(CNN) -- Kezai started receiving professional tennis coaching at the age of eight. Since then his father has worked hard to cover his training costs.
Two years on and it all seems to have paid off. In June, a local Chengdu company reached out to Li Chengpeng, Kezai's father, with an offer to sponsor Kezai.
Soon after, a professional photographer took pictures of Kezai and his father for advertisements. But the family's happiness was short lived. The company withdrew the sponsorship.
Though he says he was never given an explanation, Kezai's father believes it was because of his political activity. The company could not be reached for comment.
As a controversial blogger and writer, Li announced his plan to run for office as an independent candidate for China's National People's Congress of Wuhou District, a legislative body at the local level in Sichuan province.
"You never know the benefit of standing up if you always stay on your knees," Li declared in a campaign statement on his microblog, where he has more than three million regular followers.
Through the power of social media, Li's original message was forwarded more than 3,000 times within a few hours on micro-blogging site Sina Weibo, a popular twitter-like service.
But such campaigns are rare in China.
The Chinese do not choose their own president or premier because all government officials are pre-decided.
However, elections are held on the local level, with all candidates approved by the party beforehand.
China's electoral law stipulates that every Chinese citizen over 18 has the right to vote and run in local elections. Those, like Li Chengpeng, seeking to become candidates for county or township legislatures must first register and secure confirmation of their candidacy. They must then be nominated as "deputy candidate" by political parties, social organizations or have the signed support of at least 10 registered voters in their constituency.
In practice, the government can rule candidates or any of their supporters unqualified and refuse to put them on the ballot, which critics say leaves ample opportunity for manipulation of the results.
"I know nobody on the ballot sheet. And I don't think my vote will make much difference," a retiree in Beijing said when she was asked to vote for the People's Congress district's last election.
In recent months, an unprecedented number of Chinese citizens have declared themselves as independent candidates, according to Li Fan, founder of the World and China Institute that promotes democracy at the local levels.
He said many candidates have grievances with the local government and feel they cannot get their voices out.
"They bid for the position as they think they can draw attention from the public for better solving of the problem," he said.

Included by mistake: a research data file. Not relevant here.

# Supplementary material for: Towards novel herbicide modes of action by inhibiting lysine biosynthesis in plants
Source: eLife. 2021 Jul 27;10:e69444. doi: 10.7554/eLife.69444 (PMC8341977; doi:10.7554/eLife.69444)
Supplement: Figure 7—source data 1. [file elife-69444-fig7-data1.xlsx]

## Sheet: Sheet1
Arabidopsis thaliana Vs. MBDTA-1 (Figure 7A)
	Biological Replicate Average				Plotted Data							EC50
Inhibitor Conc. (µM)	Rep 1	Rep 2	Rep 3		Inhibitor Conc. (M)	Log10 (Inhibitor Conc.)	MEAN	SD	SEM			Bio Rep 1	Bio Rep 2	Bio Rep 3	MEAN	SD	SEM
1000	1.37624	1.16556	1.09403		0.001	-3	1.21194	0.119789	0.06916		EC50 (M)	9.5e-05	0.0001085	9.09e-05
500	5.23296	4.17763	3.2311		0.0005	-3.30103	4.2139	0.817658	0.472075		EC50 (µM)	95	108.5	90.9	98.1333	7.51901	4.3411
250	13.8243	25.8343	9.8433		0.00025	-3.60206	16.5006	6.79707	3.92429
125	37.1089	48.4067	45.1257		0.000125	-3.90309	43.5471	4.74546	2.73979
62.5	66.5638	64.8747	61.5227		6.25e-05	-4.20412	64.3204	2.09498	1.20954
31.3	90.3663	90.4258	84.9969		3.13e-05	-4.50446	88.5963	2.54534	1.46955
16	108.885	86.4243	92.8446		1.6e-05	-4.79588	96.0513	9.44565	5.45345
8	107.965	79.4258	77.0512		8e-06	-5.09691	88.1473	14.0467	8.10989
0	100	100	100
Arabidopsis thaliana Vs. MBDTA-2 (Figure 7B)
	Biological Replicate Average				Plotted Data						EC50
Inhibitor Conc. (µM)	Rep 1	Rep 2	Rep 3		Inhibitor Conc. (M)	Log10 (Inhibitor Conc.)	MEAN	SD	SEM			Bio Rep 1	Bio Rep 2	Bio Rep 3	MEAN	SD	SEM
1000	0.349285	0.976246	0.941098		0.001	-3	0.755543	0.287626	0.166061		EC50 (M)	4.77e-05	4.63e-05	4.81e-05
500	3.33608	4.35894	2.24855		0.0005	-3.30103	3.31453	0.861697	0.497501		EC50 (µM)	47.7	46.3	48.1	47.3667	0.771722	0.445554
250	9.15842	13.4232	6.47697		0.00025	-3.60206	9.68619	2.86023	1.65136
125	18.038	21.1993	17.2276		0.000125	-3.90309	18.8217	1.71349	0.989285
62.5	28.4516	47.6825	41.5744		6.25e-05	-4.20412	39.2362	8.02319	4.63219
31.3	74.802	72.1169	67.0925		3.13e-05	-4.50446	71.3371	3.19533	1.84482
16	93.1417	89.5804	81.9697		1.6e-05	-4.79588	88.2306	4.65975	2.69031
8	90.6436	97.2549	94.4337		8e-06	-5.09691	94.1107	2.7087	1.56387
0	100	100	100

"Some local governments did think that their leadership was threatened by these (independent candidates), which is obviously not the case." Li Fan said.
Some believe there are concerns among the central government as well. On June 8, state-run media Xinhua quoted the head of the Commission for Legislative Affairs of the National People's Congress Standing Committee as saying that "there is no such a thing as an 'independent candidate' as it's not recognized by law." All candidates must follow the guidelines laid out by the government.
But some do manage to meet the guidelines and run under the banner of an independent. The history of China's independent candidates dates back to 1998, when Yao Lifa, a teacher in Hubei Province, became the first self-described independent candidate elected to the local congress. He lost out when attempting a bid for a second term in 2003.
With the government in control of the media and potential candidates subject to government approval, many question whether a truly independent candidate can win. Li Fan says more than 100 people -- many using the internet -- have declared themselves as candidates for upcoming elections for people's congresses across the country.
"There are no fair and free elections in China," said Li Fan. "Chances are not good for these people leading the wave, but with their appeals, a lot more people will stand out to join in the election. They are the future."
No matter what the chances are for Li Chengpeng, he says he is determined. "In China, there is so much unfairness and many choices in life are decided by the others," he explained during an interview with CNN. "I want to make decisions on my own."
To achieve his goal, Li Chengpeng has visited more than 100 residents in his constituency, listening to their appeals to work out his campaign plan, trying to secure the government-required support from 10 registered voters. He also continues to speak out on his blog.
Li Chengpeng is not sure whether his name will appear on the ballot in September, when the election process officially begins, but he tries to be optimistic. "I'm confident. If I'm not confident, how can I convince my supporters?" he said.
Li Chengpeng is not so confident about securing another tennis sponsorship for his son, if his political activities indeed caused him to lose the first one. He says he plans to fight on as an independent -- and he has his son's support.
Visqi He contributed to this report.